A new report from the Institute of Economic Affairs (IEA) casts doubt on the government’s proposed High Speed 2 (HS2) plan, as it risks “misleading the public” with claims of prospective growth and development in the North of England.
The report, conducted by Dr Richard Wellings, researches past experiences with high speed rail in areas such as East Kent and Doncaster, where it found the results of high-speed rail to be unfavourable. For example, since the introduction of high-speed services, East Kent’s employment rate has performed much worse than the rest of the South East and the UK. From 2010-2013 the average employment rate was 5 percentage points lower than during the pre-high-speed period examined, compared with falls in the South East of 2.1 percentage points and nationally at 1.8 percentage points.
The report’s findings on high-speed rail in Doncaster are also noteworthy, as only “23% of Doncaster’s working age residents are qualified to NVQ level 4 or above, compared with a national figure of 35%”; concluding that a combination of low skills and poor educational standards have prevented Doncaster from capitalising on the improved rail link, which has reduced the demand for its services.
The study also suggests that a combination of technological advances and changes in business practices or lifestyle may further reduce the effectiveness of HS2 in the future. According to the report, improvements in IT technology may reduce the necessity for lengthy trips; meaning that there may be less need to travel long distances by the time of HS2’s completion.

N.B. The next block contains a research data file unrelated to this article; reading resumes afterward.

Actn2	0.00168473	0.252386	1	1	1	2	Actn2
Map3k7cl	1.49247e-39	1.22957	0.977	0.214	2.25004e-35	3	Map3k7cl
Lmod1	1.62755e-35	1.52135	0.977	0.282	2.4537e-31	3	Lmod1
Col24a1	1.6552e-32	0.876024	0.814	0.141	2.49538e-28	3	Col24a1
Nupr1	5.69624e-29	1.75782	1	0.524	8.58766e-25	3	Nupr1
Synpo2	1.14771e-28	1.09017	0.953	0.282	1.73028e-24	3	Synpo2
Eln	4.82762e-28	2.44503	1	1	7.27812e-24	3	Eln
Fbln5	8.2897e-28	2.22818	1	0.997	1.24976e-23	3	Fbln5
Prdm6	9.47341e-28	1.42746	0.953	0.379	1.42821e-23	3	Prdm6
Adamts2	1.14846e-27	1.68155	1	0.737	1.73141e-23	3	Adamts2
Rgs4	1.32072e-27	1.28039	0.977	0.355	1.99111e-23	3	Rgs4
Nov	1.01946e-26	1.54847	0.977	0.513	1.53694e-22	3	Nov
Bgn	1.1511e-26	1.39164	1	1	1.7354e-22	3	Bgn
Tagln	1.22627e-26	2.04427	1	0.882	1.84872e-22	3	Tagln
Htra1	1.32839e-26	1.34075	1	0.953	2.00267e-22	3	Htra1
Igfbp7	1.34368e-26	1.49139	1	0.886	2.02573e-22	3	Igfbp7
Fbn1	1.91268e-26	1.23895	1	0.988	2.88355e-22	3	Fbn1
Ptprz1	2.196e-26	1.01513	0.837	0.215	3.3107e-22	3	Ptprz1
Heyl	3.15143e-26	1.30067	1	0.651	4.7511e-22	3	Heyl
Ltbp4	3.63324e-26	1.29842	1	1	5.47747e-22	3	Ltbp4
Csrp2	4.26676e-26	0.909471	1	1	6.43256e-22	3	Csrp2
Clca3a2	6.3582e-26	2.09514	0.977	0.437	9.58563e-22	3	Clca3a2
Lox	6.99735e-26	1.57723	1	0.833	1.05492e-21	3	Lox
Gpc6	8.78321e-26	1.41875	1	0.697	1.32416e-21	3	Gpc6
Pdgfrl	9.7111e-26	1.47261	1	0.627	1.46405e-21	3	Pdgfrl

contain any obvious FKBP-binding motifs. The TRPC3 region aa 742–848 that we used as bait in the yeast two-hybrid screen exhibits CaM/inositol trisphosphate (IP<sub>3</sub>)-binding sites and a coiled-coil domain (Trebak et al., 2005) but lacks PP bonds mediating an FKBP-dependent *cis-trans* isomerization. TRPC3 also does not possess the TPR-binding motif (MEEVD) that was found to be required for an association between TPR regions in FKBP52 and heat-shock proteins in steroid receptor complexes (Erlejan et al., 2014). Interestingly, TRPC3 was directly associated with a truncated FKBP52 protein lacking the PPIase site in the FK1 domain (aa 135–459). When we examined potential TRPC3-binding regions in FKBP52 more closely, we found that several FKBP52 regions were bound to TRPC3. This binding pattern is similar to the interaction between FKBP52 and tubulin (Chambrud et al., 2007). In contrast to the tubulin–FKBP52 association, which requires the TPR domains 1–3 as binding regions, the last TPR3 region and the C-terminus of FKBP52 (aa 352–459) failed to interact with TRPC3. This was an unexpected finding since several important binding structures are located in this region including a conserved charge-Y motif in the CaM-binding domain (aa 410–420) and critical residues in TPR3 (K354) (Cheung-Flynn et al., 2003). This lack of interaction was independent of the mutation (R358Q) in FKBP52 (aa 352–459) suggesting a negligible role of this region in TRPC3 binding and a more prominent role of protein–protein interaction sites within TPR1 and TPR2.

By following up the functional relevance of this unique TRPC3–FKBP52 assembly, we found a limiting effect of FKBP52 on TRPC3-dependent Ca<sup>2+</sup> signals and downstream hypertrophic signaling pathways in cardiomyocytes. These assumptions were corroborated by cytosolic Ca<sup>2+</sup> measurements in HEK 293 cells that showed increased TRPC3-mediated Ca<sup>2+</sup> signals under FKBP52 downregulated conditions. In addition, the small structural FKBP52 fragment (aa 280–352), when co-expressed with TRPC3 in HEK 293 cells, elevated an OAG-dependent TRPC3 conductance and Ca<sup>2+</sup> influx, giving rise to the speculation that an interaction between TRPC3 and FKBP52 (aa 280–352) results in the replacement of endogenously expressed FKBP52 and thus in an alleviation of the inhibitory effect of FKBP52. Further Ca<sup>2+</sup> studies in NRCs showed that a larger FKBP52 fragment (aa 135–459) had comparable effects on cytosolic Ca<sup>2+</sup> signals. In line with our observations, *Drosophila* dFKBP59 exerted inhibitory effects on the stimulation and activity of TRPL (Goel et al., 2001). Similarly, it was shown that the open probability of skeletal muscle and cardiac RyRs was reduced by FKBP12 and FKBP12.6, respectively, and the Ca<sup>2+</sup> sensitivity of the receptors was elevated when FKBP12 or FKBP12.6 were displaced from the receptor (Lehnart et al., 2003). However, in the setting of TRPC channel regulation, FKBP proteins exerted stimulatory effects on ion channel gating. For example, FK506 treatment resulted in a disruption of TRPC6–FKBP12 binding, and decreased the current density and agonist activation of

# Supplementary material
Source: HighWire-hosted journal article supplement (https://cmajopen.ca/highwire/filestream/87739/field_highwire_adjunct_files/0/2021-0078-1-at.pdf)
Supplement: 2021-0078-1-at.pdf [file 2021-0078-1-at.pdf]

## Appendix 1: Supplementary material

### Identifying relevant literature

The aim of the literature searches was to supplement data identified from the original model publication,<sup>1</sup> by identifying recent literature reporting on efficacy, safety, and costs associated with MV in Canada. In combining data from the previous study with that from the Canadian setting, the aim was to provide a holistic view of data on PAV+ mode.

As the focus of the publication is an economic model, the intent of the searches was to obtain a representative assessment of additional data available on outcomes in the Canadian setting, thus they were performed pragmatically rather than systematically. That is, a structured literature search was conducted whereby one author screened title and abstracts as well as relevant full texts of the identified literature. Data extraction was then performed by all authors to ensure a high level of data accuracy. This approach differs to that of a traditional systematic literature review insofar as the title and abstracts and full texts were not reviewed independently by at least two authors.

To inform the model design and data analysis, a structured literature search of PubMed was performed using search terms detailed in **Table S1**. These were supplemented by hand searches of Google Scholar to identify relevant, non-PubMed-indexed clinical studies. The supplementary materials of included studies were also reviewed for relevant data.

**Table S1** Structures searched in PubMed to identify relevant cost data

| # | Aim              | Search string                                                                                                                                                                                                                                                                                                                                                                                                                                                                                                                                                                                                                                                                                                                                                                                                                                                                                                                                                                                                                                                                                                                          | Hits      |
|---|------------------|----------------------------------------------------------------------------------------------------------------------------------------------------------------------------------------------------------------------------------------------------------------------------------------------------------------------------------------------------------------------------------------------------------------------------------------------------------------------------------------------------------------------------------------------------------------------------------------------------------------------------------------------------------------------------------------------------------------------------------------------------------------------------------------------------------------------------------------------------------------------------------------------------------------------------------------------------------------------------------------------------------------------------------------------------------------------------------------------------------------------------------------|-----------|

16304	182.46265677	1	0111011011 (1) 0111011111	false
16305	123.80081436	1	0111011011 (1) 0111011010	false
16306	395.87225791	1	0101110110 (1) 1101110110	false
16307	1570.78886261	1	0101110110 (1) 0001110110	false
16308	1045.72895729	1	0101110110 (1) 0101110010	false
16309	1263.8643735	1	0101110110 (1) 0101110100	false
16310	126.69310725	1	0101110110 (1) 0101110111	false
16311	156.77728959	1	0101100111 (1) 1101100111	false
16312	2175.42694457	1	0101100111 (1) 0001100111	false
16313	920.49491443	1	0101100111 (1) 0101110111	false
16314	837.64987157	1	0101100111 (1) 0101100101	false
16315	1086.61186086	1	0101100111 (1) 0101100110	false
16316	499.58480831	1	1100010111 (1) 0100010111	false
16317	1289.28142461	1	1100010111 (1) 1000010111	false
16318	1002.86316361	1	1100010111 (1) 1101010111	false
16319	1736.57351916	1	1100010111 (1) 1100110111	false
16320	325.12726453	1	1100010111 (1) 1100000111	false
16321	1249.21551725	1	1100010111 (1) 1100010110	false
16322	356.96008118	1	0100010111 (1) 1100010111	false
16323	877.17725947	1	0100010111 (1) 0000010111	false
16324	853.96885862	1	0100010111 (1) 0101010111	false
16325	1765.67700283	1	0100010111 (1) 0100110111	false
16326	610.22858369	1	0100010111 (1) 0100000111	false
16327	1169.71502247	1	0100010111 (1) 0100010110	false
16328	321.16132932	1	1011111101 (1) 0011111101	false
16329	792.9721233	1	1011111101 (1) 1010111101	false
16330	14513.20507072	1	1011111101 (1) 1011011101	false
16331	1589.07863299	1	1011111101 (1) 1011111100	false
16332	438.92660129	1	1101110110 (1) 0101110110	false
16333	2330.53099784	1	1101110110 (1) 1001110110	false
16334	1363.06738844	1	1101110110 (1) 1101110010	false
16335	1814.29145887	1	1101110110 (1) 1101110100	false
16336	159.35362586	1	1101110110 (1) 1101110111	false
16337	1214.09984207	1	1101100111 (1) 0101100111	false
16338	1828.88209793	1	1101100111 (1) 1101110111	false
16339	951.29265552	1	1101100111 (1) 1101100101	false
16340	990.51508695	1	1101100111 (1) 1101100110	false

The IEA’s report presents further scepticism over the widely criticised infrastructure project from the Coalition. An Observer poll in March 2014 found that only 36% of those surveyed support the government’s rail plan, and that more people back the idea of improving rail links between northern cities than support the desired £50bn north-south project which will link London to Birmingham, Manchester and Leeds.
On the matter, Dr Richard Wellings said: “The failure of High Speed 1 to achieve its aim of transforming East Kent raises serious questions about the ability of HS2 to ‘rebalance’ the UK economy. The scale of the challenge is huge compared to a relatively small area in the South-East, and many of the northern cities on the route experience more severe social and economic problems.
“Given that the government’s own cost-benefit analysis suggested the project is poor value for money, policymakers should instead focus on improving infrastructure linking northern cities to each other, rather than to London. This would deliver much greater economic benefits.”
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